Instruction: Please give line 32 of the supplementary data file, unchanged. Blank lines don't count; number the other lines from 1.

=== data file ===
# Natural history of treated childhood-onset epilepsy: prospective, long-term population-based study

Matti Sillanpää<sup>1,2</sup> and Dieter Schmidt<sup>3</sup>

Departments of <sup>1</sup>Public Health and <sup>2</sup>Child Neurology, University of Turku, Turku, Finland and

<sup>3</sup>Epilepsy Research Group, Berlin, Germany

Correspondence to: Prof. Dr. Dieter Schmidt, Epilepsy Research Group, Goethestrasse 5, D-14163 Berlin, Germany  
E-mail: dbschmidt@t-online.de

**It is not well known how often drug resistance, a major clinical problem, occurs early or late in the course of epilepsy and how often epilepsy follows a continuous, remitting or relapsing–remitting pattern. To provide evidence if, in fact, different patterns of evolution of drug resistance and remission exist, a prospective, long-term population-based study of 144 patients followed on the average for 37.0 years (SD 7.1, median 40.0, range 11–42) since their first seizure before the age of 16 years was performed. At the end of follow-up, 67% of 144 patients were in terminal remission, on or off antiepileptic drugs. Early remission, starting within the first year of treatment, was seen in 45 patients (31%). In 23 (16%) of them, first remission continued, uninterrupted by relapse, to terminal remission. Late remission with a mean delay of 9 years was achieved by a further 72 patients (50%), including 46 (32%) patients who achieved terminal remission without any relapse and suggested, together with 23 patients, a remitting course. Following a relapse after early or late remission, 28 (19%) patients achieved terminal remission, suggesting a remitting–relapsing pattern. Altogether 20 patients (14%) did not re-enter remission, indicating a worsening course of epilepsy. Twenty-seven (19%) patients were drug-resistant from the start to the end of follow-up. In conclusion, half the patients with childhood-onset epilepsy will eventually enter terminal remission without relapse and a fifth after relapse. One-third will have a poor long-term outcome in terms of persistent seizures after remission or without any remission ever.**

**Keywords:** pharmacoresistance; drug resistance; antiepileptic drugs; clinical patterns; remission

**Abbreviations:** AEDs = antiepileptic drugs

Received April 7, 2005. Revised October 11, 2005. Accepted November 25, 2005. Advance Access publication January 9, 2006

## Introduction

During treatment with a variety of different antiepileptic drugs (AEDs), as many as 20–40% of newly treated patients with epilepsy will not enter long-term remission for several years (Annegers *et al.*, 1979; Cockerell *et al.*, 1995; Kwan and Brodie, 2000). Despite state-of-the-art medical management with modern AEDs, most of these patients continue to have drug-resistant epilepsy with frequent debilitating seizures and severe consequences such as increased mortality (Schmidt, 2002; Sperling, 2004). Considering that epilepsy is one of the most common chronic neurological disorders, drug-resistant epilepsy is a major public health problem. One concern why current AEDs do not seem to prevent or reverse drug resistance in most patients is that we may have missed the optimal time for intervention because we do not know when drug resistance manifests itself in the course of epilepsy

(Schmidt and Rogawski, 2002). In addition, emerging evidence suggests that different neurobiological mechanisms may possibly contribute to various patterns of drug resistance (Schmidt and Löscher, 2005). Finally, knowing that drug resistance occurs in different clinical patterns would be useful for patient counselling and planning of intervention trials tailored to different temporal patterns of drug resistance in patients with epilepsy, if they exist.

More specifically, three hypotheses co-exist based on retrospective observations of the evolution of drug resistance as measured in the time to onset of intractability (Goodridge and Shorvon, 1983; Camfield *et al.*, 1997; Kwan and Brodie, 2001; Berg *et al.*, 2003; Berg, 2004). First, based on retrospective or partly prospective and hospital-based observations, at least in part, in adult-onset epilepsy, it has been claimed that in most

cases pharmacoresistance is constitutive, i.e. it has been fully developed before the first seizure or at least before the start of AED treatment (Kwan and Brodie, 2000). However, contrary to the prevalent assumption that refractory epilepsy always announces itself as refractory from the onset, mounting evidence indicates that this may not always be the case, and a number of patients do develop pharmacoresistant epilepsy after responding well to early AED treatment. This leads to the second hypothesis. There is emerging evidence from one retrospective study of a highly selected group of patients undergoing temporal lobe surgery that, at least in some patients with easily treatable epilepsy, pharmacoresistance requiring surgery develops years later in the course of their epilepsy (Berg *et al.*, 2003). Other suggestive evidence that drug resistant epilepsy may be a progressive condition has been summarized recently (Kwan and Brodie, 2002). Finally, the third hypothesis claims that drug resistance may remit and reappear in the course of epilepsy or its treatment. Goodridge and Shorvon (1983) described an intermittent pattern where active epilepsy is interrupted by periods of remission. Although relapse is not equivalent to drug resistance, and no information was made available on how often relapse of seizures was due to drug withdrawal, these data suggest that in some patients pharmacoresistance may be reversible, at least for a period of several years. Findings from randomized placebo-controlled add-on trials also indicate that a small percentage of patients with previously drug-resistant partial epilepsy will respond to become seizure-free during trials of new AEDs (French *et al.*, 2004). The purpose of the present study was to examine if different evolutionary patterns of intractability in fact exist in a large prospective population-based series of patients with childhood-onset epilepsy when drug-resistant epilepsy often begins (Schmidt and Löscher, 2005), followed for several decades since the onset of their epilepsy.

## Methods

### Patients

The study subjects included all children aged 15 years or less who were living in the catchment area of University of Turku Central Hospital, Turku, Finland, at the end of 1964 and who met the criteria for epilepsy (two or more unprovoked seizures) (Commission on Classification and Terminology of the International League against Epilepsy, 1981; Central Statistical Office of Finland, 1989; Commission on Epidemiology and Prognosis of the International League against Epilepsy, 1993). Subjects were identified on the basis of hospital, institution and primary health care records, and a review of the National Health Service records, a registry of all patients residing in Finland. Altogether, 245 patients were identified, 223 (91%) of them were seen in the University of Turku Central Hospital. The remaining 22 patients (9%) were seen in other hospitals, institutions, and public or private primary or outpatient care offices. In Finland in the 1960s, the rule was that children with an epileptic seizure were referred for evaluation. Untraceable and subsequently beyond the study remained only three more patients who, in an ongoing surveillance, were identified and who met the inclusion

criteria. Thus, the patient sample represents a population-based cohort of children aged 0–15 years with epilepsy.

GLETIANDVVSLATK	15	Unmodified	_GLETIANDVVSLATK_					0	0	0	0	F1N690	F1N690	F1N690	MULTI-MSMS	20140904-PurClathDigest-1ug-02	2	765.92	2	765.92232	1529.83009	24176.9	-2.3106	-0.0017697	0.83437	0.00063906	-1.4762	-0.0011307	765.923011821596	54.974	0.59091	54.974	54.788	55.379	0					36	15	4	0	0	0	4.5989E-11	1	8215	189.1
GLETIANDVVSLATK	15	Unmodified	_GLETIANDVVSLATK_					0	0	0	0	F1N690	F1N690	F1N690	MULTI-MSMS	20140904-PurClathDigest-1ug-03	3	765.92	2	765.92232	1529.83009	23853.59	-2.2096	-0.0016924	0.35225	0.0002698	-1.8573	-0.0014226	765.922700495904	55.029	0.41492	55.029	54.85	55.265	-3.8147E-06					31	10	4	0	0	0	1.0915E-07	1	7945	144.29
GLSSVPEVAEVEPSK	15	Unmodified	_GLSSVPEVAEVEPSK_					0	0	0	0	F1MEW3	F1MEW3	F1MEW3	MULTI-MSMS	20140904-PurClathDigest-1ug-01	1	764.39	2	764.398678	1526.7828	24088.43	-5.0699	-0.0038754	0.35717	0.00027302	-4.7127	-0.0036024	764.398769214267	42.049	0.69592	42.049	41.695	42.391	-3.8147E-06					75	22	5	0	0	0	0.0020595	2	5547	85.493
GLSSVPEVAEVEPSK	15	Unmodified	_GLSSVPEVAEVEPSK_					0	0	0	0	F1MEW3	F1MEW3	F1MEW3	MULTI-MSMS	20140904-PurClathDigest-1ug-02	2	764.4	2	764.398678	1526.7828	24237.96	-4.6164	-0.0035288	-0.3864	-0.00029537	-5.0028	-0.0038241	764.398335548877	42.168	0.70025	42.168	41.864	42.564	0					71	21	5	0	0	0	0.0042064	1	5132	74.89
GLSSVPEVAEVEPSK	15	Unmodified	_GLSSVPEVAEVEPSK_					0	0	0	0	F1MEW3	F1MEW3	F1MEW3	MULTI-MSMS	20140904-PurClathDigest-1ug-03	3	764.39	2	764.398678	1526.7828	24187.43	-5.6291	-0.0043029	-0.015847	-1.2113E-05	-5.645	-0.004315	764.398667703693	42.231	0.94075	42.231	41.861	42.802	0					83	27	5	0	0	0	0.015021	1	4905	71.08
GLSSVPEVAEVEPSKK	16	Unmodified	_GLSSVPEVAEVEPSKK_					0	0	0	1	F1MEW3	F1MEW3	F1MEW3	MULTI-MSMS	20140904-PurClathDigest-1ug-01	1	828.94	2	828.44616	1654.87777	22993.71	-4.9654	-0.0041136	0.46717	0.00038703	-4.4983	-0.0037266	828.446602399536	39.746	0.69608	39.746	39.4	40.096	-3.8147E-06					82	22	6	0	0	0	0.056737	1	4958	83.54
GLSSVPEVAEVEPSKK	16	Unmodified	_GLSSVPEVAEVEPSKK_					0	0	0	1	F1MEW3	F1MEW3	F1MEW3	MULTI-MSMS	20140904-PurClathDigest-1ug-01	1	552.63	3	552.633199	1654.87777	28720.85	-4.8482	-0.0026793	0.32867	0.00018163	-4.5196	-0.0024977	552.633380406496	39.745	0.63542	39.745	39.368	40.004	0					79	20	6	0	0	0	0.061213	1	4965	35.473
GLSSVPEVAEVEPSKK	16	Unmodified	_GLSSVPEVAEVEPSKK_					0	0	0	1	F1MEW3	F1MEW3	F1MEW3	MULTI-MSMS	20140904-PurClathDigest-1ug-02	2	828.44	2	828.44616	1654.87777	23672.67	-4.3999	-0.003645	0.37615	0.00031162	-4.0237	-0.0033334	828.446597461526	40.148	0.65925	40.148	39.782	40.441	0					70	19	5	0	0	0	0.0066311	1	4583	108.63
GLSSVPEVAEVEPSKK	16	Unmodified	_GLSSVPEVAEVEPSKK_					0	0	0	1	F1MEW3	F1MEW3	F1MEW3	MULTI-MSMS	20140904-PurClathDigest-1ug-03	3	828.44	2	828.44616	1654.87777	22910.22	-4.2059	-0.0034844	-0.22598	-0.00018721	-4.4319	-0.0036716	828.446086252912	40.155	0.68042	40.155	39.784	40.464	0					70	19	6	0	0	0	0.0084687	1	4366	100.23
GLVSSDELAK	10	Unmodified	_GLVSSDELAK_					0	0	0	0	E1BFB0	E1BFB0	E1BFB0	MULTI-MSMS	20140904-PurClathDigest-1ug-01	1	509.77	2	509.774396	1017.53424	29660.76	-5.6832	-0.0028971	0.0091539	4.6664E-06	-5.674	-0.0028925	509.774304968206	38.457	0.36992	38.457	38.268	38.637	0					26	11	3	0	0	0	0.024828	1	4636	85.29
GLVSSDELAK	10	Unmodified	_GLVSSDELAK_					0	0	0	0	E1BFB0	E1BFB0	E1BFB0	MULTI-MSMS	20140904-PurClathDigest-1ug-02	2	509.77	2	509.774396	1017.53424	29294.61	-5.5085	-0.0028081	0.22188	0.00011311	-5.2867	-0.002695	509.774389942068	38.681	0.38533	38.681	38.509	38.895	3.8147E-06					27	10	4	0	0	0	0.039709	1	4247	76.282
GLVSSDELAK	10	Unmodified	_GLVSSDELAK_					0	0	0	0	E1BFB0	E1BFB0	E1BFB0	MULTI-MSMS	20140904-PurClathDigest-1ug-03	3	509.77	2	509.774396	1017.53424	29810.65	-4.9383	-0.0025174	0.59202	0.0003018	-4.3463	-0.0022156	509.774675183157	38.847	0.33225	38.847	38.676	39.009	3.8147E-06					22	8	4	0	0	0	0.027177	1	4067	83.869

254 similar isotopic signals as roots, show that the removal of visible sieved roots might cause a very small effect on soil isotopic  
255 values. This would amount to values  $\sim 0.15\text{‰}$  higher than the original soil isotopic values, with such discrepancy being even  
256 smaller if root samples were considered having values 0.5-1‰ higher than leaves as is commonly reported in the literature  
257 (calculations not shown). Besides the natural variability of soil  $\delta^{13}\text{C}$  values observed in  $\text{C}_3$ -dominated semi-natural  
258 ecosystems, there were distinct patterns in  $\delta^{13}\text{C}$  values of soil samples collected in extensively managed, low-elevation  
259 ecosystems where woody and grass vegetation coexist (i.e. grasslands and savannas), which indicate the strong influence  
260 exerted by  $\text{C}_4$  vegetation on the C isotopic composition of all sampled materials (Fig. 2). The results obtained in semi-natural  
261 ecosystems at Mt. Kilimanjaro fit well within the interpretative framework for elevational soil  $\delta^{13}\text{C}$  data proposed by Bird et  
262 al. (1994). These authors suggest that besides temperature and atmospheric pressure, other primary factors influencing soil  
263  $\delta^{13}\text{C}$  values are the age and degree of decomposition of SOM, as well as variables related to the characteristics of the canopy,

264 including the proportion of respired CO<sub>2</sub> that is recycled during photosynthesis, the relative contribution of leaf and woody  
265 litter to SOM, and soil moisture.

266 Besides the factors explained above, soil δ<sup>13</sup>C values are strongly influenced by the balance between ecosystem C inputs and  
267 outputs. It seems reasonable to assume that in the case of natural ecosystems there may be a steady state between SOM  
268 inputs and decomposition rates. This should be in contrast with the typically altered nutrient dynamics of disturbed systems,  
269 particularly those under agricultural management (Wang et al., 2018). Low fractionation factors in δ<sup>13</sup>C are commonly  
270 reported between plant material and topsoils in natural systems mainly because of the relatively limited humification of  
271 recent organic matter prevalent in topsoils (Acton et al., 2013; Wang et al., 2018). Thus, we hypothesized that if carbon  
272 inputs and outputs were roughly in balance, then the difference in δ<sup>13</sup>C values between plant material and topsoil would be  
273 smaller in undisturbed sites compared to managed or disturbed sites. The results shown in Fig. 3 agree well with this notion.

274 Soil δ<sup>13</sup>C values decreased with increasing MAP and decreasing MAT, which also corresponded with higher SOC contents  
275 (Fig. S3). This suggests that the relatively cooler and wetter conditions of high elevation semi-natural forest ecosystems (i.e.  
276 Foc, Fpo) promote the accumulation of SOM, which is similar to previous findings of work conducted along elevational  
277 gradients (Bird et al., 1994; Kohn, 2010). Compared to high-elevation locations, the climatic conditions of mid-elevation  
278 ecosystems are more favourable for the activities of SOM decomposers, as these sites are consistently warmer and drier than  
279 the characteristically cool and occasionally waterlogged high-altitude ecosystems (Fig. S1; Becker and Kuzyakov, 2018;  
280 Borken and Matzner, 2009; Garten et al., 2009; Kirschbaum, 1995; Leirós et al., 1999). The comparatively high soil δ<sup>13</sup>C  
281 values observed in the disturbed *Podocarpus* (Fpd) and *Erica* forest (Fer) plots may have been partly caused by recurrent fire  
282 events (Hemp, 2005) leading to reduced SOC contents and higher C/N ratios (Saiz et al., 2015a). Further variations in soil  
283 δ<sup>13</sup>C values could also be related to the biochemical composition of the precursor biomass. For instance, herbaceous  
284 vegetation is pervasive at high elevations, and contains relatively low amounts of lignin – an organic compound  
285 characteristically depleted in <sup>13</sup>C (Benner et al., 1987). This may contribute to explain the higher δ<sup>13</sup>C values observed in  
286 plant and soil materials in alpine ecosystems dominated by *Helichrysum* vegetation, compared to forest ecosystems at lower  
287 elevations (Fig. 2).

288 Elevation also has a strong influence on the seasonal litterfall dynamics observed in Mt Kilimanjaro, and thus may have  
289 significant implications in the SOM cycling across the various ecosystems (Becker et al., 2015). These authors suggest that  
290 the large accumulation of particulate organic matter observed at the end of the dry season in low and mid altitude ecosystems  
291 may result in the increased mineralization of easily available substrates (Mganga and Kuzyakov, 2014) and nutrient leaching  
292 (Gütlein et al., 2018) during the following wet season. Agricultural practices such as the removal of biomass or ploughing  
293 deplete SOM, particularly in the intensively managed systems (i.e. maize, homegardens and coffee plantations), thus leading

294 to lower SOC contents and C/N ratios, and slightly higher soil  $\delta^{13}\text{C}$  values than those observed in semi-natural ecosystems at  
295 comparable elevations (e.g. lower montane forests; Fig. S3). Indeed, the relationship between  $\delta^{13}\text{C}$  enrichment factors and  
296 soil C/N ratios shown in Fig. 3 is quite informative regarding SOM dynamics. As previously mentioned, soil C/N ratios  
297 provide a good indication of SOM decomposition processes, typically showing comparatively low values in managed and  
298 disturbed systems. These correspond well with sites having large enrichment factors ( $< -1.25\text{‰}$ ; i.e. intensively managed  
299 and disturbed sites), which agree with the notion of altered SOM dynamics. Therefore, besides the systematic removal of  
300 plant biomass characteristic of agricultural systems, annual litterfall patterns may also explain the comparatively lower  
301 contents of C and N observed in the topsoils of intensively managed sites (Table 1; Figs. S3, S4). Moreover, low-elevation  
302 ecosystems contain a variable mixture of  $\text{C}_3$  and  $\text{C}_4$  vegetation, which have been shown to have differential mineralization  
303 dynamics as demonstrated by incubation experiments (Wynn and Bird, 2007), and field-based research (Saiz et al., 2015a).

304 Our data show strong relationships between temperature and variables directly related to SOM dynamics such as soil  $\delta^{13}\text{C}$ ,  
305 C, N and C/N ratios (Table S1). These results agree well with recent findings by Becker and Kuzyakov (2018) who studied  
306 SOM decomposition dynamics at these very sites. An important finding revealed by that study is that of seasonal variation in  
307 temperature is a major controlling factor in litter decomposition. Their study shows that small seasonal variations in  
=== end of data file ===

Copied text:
254 similar isotopic signals as roots, show that the removal of visible sieved roots might cause a very small effect on soil isotopic  